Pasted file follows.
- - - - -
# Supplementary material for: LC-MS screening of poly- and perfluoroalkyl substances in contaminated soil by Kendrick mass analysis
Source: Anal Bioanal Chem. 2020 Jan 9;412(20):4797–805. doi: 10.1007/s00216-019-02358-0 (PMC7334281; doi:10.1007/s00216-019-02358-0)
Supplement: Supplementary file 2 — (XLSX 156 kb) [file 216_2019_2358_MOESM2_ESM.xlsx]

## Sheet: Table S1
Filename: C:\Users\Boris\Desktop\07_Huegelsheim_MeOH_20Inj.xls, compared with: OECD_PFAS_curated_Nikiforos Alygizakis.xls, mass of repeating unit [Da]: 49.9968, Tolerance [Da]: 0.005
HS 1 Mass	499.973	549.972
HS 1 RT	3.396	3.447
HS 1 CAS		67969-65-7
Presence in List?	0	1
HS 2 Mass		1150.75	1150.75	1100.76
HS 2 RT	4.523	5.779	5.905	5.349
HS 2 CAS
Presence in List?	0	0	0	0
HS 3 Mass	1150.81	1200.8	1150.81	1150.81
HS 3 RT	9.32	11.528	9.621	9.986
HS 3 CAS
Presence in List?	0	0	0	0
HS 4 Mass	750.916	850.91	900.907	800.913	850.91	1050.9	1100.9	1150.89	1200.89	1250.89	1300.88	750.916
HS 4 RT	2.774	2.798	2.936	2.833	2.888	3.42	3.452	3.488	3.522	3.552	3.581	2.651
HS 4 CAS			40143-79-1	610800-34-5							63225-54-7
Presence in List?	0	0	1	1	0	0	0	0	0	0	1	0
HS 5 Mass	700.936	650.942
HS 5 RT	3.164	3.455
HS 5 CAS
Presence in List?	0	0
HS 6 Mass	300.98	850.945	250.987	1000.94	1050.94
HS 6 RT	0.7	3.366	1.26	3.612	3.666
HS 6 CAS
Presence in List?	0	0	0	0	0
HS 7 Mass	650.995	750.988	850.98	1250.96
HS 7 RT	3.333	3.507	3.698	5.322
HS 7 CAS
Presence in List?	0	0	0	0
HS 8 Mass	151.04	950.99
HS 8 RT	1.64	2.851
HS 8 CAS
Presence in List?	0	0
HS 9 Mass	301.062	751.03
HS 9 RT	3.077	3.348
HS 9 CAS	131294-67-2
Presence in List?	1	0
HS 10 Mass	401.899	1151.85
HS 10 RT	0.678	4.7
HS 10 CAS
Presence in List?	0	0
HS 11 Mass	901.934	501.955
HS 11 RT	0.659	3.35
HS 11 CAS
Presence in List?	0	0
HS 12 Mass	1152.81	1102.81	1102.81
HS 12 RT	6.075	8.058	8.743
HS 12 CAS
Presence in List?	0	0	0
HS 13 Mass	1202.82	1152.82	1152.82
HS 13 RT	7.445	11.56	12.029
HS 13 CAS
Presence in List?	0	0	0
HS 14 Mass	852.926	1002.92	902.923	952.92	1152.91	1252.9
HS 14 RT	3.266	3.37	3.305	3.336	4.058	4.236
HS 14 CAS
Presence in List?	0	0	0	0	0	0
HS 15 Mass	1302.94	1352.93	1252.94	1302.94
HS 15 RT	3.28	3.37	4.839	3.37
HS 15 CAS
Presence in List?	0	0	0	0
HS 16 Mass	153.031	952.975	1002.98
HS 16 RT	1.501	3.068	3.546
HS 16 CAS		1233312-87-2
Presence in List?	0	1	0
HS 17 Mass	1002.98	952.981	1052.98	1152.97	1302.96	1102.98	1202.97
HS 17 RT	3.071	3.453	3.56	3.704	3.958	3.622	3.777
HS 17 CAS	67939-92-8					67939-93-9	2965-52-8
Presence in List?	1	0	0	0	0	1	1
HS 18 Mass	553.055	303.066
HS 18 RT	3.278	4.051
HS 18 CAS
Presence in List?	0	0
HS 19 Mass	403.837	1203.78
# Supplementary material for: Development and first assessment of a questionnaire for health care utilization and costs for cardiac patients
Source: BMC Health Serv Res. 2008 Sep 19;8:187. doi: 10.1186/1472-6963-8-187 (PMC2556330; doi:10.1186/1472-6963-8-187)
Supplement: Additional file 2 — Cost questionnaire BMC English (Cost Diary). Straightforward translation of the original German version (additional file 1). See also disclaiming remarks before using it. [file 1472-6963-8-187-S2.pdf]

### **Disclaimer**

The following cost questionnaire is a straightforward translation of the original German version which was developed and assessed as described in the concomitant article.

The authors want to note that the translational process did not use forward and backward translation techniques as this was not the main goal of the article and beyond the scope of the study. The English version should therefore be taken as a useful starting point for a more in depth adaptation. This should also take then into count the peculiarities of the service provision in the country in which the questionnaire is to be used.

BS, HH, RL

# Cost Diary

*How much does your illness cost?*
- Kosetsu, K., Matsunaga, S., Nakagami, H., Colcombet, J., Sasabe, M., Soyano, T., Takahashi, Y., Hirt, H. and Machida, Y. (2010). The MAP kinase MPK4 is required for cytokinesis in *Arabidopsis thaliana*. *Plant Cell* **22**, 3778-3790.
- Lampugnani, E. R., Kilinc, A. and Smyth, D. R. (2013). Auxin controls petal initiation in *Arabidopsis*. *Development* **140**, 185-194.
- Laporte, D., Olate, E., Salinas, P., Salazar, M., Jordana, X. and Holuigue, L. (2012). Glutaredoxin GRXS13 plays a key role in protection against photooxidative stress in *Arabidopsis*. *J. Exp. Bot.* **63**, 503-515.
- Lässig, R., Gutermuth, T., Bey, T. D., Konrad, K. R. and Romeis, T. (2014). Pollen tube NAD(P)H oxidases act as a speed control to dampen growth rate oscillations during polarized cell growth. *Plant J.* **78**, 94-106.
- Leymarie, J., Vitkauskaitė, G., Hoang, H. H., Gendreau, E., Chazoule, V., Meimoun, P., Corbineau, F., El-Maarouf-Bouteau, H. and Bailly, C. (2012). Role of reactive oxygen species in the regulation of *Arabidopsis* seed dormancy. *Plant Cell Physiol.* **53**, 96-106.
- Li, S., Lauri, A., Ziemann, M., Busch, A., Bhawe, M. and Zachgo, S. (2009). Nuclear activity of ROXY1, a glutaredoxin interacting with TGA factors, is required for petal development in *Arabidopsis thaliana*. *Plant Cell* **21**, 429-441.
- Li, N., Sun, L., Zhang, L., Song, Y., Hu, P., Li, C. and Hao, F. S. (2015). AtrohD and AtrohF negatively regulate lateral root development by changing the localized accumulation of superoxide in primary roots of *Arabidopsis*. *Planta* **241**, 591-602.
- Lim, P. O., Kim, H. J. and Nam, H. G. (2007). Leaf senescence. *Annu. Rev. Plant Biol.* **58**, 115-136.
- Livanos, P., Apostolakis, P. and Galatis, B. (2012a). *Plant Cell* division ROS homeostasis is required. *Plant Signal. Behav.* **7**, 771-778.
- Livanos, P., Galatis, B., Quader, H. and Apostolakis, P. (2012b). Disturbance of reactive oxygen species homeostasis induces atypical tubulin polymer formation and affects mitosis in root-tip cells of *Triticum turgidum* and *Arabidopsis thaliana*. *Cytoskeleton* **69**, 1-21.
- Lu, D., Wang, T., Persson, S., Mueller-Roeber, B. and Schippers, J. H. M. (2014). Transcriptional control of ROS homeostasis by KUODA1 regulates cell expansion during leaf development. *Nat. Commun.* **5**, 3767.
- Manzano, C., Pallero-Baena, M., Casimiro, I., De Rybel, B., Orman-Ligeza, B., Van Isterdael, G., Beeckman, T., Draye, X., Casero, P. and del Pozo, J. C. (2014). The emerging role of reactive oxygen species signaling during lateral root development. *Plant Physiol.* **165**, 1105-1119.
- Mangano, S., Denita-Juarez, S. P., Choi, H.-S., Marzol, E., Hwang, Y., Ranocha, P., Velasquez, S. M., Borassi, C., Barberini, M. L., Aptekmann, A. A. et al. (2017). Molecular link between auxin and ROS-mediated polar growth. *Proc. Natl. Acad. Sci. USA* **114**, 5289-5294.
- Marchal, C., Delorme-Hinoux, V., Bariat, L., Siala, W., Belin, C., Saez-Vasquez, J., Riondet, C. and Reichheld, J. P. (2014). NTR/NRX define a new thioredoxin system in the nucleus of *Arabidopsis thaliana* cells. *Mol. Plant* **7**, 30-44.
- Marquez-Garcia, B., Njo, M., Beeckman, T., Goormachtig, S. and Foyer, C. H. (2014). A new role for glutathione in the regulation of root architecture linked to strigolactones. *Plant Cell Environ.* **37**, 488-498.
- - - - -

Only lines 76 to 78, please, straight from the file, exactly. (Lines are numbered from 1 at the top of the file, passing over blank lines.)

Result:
HS 18 CAS
Presence in List?	0	0
HS 19 Mass	403.837	1203.78